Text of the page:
We granted this interlocutory appeal to review the denial of the Georgia Department of Human Resources' motion for service outside the state, filed pursuant to OCGA 19-7-41
. Under OCGA 19-7-41
, a court may order service outside the state in a paternity action "upon a finding that there is a constitutionally permissible basis for jurisdiction over the person arising out of the fact that the child was conceived as a result of an act of sexual intercourse within this state while either parent was a resident of this state." The motion was made in connection with an action filed by the department on behalf of Jasmin Gerrod McCormick seeking to determine paternity and establish child support obligations of the putative, non-resident father, Carl Ellis McCormick.
The trial court treated the action as one brought pursuant to the Uniform Reciprocal Enforcement of Support Act (URESA). Since URESA provides a procedure by which child support can be collected in another state, the court reasoned that compelling a non-resident to incur the costs of defending a paternity and support action in Georgia would "offend the ends of justice."
Under URESA, " 'Duty of support' includes any duty of support imposed or imposable by law or by any court order, decree, or judgment . . . ; for purposes of this article, in determining the existence of a duty of support, the following criteria may be considered, without limitation: . . . (6) Whenever a person has been adjudicated by a court of competent jurisdiction as the parent of a child born out of wedlock, the person shall be legally liable for the support of the child in the same manner in which the person would owe the duty of support if the child were a legitimate child." OCGA 19-11-43
(6). It is clear from the statute that a formal adjudication of paternity is not required for prosecution of support claims under URESA. Nonetheless, such an adjudication may be considered by a court in determining whether support obligations exist. See Evans v. State, 178 Ga. App. 1 (1) (341 SE2d 865) (1986)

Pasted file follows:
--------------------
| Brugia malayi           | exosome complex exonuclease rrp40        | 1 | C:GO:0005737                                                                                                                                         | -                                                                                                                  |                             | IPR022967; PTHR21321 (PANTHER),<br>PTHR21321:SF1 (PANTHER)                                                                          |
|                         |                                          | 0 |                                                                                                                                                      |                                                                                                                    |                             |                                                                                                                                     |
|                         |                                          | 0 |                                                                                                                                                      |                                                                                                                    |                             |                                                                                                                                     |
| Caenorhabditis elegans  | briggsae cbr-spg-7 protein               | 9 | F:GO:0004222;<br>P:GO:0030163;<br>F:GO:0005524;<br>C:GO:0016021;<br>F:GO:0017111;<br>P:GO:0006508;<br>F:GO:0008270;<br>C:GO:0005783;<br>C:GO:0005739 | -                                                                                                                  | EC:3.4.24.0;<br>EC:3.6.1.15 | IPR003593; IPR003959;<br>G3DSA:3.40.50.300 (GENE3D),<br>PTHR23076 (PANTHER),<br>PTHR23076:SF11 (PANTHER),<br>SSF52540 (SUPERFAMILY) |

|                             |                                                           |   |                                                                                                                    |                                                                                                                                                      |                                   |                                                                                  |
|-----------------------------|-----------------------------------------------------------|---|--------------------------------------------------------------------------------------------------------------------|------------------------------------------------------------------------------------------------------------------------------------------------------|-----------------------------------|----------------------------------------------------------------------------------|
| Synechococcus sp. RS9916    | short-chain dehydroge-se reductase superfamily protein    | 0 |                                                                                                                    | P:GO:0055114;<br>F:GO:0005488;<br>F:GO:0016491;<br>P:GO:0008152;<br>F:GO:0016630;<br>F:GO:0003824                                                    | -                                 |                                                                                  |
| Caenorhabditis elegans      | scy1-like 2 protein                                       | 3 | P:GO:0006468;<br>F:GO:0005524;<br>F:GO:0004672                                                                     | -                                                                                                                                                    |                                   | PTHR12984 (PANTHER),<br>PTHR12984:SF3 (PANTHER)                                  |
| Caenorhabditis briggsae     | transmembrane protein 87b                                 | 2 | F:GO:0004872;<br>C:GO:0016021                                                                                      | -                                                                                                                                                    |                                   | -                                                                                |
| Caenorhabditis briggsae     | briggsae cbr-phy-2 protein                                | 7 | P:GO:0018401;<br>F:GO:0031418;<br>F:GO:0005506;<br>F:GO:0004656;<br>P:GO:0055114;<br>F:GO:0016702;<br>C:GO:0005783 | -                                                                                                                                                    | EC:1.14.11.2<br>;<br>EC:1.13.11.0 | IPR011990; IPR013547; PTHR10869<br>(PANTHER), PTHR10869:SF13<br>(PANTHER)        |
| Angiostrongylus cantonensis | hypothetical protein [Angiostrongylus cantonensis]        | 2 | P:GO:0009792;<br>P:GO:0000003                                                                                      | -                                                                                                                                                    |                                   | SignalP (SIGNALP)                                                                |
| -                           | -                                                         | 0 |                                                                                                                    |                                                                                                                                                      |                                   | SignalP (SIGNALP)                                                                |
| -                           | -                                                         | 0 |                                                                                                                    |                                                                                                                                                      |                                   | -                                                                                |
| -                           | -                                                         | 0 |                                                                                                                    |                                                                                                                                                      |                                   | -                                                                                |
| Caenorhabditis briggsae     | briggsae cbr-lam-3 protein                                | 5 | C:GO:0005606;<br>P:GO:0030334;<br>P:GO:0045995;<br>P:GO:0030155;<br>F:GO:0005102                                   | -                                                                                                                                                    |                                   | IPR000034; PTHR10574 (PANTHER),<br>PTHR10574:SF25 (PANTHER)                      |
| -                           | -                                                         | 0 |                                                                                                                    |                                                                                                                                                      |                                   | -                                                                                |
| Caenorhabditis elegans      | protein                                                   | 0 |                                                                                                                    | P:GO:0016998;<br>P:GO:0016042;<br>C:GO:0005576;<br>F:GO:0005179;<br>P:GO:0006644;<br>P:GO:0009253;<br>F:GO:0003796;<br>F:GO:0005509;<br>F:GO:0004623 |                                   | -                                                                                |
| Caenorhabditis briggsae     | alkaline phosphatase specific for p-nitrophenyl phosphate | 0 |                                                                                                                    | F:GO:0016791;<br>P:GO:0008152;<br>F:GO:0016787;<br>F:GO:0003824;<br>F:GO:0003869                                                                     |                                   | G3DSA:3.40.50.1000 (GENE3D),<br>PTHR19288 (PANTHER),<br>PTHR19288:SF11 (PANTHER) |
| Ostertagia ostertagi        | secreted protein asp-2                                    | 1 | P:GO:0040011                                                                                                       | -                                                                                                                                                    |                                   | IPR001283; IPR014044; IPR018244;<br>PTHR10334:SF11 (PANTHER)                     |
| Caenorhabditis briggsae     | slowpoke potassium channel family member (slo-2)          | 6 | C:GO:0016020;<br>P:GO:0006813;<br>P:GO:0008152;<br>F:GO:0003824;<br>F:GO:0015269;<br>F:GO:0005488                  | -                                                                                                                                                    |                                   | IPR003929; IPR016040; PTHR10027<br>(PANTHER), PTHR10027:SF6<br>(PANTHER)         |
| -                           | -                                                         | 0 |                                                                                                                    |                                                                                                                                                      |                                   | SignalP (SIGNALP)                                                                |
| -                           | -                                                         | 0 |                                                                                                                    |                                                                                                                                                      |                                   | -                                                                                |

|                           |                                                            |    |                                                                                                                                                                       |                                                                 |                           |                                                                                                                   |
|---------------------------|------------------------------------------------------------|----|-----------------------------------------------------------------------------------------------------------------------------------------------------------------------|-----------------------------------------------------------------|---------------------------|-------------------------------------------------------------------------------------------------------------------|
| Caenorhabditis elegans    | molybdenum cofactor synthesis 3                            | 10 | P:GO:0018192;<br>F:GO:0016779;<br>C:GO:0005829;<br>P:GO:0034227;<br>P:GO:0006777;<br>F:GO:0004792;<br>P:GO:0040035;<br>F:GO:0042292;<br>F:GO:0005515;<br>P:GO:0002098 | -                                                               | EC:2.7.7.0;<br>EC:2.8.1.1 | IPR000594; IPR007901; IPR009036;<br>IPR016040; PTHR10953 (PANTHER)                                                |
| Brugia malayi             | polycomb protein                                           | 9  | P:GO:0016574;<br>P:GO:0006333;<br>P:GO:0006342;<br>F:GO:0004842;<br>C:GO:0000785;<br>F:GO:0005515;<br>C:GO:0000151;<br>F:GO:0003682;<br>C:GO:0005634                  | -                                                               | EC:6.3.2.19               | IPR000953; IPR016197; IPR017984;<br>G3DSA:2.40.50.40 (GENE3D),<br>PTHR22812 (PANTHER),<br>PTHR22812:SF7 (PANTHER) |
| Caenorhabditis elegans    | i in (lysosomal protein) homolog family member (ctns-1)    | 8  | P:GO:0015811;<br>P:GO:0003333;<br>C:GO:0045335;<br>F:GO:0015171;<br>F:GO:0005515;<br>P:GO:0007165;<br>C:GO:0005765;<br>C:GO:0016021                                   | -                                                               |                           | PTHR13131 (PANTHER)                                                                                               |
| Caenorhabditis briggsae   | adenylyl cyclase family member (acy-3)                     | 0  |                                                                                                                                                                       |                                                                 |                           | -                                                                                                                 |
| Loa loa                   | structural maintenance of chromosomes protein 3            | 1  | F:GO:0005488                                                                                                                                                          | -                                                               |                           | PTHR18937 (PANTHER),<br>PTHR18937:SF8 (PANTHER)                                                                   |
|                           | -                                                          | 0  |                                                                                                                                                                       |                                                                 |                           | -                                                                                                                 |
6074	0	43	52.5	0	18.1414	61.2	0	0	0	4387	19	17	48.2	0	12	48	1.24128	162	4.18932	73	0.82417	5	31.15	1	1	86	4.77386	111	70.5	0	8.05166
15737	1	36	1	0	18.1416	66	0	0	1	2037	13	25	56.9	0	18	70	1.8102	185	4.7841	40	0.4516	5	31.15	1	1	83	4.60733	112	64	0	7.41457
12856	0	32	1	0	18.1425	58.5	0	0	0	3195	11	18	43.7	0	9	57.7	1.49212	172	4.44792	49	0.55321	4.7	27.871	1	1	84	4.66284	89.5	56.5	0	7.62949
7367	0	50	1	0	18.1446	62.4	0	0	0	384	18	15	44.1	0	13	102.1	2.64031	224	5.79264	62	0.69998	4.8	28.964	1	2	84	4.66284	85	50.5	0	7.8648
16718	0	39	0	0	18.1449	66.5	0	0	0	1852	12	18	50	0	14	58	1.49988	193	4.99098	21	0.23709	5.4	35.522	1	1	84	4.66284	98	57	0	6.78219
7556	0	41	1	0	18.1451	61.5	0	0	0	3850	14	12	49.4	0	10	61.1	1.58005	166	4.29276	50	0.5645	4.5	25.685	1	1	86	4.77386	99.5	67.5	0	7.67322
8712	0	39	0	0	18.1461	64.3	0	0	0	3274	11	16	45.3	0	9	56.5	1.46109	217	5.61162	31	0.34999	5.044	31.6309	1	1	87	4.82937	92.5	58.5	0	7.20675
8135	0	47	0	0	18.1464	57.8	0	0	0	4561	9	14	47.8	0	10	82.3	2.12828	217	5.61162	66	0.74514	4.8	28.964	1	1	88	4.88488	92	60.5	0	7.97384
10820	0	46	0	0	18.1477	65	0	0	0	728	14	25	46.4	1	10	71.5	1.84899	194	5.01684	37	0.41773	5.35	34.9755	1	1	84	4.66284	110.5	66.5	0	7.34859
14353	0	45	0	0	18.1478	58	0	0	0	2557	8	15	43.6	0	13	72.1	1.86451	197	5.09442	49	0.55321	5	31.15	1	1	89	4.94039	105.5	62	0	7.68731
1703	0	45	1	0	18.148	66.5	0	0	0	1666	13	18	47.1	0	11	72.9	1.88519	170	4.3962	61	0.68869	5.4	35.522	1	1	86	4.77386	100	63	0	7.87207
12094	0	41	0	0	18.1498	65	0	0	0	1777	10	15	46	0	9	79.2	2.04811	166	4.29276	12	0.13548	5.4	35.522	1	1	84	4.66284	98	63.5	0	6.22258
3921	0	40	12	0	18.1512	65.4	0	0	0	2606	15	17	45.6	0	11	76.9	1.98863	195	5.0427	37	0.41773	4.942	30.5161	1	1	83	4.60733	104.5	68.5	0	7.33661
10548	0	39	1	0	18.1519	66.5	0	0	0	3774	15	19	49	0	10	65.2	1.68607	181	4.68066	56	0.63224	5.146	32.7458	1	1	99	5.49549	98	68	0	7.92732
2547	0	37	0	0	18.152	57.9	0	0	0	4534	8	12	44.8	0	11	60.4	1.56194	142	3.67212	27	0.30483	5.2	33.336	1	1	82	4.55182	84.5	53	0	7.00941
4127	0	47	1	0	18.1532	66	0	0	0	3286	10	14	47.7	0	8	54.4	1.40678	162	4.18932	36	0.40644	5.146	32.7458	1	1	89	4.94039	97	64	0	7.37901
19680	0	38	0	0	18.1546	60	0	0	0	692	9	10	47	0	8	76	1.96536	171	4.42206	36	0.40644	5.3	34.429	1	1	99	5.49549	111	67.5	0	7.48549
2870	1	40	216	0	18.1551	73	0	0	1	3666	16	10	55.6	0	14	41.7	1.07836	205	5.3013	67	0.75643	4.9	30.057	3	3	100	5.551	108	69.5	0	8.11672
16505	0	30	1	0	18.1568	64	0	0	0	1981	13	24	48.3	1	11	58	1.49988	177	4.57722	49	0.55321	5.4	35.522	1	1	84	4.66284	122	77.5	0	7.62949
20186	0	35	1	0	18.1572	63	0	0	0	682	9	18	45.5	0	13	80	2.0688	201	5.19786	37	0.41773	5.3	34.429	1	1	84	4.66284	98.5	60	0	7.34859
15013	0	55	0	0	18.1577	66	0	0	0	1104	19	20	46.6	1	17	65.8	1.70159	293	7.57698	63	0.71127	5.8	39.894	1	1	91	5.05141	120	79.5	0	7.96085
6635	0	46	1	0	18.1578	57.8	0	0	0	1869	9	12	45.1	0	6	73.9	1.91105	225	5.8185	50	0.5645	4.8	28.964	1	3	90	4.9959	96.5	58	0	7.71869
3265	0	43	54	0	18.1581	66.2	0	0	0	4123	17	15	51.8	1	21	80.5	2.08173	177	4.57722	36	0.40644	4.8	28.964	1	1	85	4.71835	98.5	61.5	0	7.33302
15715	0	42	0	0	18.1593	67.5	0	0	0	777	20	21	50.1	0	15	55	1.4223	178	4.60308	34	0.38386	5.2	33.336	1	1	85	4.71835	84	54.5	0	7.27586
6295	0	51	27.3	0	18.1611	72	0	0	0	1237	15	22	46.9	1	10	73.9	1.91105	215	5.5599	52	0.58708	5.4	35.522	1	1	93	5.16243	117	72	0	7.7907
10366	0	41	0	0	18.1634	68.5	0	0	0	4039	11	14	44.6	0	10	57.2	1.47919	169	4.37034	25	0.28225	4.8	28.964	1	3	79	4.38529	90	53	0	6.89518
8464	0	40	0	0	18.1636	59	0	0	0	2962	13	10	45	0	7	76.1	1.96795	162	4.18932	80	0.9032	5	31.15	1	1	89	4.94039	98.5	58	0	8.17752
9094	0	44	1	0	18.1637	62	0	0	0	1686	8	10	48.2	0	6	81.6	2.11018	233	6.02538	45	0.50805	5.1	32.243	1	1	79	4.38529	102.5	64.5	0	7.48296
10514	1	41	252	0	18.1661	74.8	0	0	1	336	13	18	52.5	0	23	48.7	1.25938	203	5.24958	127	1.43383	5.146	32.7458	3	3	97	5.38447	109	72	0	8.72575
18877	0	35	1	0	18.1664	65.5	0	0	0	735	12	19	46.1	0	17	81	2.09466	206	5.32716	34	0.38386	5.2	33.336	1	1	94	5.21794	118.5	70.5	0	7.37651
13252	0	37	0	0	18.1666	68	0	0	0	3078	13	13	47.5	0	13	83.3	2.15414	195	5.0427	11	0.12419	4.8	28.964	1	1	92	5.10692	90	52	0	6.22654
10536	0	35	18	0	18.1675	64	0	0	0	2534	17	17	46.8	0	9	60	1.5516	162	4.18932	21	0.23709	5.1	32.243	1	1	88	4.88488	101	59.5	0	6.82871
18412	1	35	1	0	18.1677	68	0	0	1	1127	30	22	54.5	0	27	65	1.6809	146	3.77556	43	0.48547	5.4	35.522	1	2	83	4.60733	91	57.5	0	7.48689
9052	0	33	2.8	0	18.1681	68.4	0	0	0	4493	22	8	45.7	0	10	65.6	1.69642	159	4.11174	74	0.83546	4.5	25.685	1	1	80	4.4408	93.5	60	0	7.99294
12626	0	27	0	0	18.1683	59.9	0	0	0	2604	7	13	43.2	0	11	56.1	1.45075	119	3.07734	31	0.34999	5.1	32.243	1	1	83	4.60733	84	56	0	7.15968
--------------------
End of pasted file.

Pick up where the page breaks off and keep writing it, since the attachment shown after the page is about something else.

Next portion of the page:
URESA does not provide an exclusive procedure for enforcement of child support. OCGA 19-11-45
. While the department may have pursued this action under URESA and possibly had to confront the paternity issue as a defense, it chose to establish paternity in the state in which the child was conceived. While the trial court may be offended by the extension of jurisdiction pursuant to the specific long-arm provision contained in OCGA 19-7-41
, the Georgia Supreme Court has held that sexual contact in Georgia constitutes minimum contacts such that an action maintained here does not offend " ' "traditional notions of fair play and substantial justice." ' [Cit.]" Bell v. Arnold, 248 Ga. 9
, 10 (279 SE2d 449
There is no question that the child was conceived as a result of an act of sexual intercourse within this state while either parent was a resident of this state, satisfying the criteria outlined in the statute. See Garvey v. Mendenhall, 199 Ga. App. 241
, 242 (1) (404 SE2d 613
) (1991) (evidence that the act of intercourse resulting in conception did not occur in Georgia sufficient to defeat jurisdiction). We recognize that the provisions of OCGA 19-7-41
do not require a trial court to order service and that matters lying within the discretion of the trial court are rarely disturbed on appeal unless a clear abuse of that discretion has been shown. Nonetheless, because it appears that the trial court's ruling is based solely on a URESA analysis, we reverse and remand the case to the trial court for reconsideration in light of Bell, supra.
Carl E. McCormick, pro se.